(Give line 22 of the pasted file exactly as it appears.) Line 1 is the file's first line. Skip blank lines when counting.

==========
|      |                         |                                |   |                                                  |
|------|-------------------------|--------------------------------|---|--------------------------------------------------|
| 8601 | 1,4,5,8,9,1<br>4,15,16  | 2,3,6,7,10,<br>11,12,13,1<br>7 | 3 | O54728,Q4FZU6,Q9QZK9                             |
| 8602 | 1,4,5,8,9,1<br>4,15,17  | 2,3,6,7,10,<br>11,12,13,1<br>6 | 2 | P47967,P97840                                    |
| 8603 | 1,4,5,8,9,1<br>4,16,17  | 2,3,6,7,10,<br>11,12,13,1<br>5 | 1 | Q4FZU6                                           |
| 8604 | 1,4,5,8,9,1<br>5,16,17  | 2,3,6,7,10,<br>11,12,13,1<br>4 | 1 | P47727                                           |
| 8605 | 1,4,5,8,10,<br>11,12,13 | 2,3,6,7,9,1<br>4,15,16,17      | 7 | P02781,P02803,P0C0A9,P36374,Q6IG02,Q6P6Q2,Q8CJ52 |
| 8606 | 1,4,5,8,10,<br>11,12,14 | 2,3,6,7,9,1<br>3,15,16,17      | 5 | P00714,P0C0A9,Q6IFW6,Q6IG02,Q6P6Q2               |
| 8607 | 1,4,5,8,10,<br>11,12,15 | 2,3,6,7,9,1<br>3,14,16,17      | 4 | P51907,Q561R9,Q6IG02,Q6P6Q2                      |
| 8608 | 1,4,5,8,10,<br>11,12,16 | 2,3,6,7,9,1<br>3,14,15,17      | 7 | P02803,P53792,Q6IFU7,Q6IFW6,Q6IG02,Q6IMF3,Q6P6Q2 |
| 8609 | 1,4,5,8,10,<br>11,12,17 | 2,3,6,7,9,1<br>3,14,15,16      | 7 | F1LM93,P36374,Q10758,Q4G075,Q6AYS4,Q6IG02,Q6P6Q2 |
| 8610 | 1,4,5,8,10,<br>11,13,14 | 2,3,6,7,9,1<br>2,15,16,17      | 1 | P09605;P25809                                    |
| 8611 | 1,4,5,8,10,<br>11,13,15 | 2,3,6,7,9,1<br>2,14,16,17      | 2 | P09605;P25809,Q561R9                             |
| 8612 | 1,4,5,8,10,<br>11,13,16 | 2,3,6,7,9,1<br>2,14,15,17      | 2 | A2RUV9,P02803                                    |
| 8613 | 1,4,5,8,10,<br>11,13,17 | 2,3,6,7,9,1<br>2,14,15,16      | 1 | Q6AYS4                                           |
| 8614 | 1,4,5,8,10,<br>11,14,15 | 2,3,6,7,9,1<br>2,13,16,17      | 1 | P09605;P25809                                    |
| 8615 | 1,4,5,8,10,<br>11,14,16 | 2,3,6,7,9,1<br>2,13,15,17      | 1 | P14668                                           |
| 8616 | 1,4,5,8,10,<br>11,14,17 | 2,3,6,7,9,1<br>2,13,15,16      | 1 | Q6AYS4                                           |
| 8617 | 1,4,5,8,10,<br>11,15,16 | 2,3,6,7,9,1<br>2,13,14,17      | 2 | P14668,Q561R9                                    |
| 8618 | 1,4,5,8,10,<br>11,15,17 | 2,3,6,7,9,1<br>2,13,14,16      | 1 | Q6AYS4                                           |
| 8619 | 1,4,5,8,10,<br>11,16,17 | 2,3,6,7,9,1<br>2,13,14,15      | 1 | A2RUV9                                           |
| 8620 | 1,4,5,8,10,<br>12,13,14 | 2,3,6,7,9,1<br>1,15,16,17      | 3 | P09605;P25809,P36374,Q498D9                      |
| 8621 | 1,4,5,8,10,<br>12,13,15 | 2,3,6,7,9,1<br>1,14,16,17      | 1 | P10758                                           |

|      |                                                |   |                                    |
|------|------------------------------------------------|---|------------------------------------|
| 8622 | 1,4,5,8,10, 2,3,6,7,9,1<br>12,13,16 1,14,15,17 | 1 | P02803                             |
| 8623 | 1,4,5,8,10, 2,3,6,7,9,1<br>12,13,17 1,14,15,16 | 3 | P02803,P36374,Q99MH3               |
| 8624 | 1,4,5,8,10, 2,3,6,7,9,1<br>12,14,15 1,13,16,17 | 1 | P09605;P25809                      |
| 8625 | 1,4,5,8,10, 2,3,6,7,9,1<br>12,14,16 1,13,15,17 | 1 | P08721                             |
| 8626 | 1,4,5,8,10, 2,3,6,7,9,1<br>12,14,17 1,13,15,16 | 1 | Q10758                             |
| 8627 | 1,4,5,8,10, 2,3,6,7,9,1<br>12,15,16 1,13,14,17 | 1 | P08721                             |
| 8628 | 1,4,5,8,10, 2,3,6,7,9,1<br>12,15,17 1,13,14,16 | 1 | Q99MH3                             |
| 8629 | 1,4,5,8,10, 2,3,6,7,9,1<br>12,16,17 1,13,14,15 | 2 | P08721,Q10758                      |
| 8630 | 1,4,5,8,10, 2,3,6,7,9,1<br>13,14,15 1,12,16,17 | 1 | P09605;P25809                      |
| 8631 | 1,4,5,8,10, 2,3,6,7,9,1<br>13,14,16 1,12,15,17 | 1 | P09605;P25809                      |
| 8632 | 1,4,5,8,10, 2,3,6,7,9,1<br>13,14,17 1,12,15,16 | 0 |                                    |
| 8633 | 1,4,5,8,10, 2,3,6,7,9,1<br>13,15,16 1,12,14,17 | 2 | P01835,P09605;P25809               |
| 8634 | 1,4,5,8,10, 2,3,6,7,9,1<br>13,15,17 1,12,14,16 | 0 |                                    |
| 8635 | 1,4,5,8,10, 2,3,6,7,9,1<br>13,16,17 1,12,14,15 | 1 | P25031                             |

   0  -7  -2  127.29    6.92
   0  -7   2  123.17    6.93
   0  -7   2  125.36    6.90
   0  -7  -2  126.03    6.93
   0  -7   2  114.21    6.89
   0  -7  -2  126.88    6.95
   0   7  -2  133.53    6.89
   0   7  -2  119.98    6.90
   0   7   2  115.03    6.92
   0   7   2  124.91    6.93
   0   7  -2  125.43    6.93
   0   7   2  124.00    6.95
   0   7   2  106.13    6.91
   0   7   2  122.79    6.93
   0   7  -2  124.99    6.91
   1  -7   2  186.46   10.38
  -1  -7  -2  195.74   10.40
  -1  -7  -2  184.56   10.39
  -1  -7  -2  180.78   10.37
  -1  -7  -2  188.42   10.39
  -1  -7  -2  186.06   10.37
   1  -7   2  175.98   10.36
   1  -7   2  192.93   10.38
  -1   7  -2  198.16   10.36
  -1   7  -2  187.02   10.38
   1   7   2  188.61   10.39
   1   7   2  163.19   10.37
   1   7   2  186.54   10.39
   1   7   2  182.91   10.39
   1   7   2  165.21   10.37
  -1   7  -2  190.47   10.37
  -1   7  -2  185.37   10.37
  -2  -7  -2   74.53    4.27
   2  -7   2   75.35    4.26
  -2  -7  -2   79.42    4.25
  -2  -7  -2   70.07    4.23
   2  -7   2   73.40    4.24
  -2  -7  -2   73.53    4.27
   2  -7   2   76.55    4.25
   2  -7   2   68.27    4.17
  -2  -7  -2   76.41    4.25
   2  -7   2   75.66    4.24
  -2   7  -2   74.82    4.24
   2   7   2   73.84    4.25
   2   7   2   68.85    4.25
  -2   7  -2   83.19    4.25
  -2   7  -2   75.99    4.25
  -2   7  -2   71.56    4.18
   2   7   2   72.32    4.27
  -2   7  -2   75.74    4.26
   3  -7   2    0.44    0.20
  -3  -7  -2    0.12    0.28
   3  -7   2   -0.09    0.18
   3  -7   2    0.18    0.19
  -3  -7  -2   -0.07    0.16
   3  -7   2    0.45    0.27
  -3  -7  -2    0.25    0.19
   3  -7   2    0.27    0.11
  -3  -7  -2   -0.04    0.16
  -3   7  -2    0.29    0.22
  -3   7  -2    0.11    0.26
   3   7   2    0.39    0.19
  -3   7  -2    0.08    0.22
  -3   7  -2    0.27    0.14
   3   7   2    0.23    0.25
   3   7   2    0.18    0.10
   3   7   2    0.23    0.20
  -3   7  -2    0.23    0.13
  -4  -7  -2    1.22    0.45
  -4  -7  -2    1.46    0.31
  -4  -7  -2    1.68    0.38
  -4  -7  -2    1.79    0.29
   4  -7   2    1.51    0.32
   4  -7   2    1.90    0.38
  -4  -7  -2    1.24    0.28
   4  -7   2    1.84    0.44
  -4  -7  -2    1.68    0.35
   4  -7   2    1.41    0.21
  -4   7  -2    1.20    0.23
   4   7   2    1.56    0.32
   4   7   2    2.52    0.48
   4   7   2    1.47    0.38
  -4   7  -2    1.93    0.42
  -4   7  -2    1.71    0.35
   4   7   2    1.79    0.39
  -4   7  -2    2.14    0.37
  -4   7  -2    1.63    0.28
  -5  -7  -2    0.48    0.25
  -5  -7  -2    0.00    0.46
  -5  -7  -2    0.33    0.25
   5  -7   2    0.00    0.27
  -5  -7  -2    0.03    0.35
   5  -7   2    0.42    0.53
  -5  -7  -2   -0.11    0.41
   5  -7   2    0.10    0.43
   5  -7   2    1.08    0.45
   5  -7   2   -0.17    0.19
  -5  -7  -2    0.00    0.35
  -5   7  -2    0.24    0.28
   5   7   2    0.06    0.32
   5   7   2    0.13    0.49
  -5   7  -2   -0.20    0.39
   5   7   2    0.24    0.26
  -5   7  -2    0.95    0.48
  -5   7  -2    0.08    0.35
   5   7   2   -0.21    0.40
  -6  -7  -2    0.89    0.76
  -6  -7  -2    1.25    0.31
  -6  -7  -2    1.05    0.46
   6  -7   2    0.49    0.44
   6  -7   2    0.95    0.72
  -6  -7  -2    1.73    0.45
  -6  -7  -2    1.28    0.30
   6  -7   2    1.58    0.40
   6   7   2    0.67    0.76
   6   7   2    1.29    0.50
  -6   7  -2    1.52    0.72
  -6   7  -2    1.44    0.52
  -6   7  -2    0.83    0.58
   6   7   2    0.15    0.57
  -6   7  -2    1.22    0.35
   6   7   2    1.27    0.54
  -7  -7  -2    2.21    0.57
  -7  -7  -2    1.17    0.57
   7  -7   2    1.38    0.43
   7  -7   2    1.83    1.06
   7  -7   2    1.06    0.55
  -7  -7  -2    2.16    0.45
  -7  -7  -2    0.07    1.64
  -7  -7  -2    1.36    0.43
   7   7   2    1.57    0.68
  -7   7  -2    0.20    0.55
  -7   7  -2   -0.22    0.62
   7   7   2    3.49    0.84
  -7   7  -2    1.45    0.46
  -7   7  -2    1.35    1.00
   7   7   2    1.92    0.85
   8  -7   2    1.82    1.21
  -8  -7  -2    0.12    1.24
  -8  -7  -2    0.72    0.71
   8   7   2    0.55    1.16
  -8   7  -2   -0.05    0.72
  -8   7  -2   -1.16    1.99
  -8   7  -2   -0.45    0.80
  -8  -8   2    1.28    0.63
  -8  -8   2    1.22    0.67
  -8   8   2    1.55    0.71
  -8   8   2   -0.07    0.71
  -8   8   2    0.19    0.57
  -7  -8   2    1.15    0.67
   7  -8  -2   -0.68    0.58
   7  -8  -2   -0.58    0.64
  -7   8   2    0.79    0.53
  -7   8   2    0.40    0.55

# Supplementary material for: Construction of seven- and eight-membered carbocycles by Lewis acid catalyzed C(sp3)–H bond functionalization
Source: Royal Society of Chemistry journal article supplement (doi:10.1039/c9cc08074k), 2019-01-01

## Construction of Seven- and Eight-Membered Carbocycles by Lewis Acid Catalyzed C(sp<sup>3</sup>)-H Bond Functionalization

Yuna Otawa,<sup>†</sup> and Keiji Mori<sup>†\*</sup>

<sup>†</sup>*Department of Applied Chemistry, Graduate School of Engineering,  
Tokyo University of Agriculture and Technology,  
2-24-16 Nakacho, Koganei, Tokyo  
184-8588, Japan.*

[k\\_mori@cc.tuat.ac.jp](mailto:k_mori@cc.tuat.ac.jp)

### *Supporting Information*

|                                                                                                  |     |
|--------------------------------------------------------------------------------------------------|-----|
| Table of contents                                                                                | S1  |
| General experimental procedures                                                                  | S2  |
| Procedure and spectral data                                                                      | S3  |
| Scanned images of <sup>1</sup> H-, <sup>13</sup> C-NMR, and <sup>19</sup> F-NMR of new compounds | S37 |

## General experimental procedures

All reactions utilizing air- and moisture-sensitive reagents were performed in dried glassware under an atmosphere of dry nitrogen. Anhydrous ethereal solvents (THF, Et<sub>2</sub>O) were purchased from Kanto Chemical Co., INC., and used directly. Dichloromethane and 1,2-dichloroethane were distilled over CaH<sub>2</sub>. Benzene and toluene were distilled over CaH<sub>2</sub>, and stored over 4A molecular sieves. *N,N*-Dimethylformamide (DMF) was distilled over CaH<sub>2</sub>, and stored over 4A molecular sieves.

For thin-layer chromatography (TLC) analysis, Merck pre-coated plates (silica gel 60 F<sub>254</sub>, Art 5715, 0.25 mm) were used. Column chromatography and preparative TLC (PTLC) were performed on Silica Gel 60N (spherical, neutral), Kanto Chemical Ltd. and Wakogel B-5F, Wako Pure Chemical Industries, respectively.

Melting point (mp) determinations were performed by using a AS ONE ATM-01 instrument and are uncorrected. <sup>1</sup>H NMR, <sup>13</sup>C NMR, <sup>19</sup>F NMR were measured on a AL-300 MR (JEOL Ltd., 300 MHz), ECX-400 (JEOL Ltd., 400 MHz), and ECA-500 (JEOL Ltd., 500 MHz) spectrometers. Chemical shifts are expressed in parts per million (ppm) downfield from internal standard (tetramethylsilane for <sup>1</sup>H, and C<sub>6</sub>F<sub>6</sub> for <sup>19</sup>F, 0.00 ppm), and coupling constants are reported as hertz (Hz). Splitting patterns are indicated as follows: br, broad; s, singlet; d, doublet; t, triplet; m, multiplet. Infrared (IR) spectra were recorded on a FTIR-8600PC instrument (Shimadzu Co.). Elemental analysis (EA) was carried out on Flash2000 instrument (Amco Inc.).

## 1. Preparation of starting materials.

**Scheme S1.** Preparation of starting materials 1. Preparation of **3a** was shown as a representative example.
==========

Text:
| 8620 | 1,4,5,8,10,<br>12,13,14 | 2,3,6,7,9,1<br>1,15,16,17      | 3 | P09605;P25809,P36374,Q498D9                      |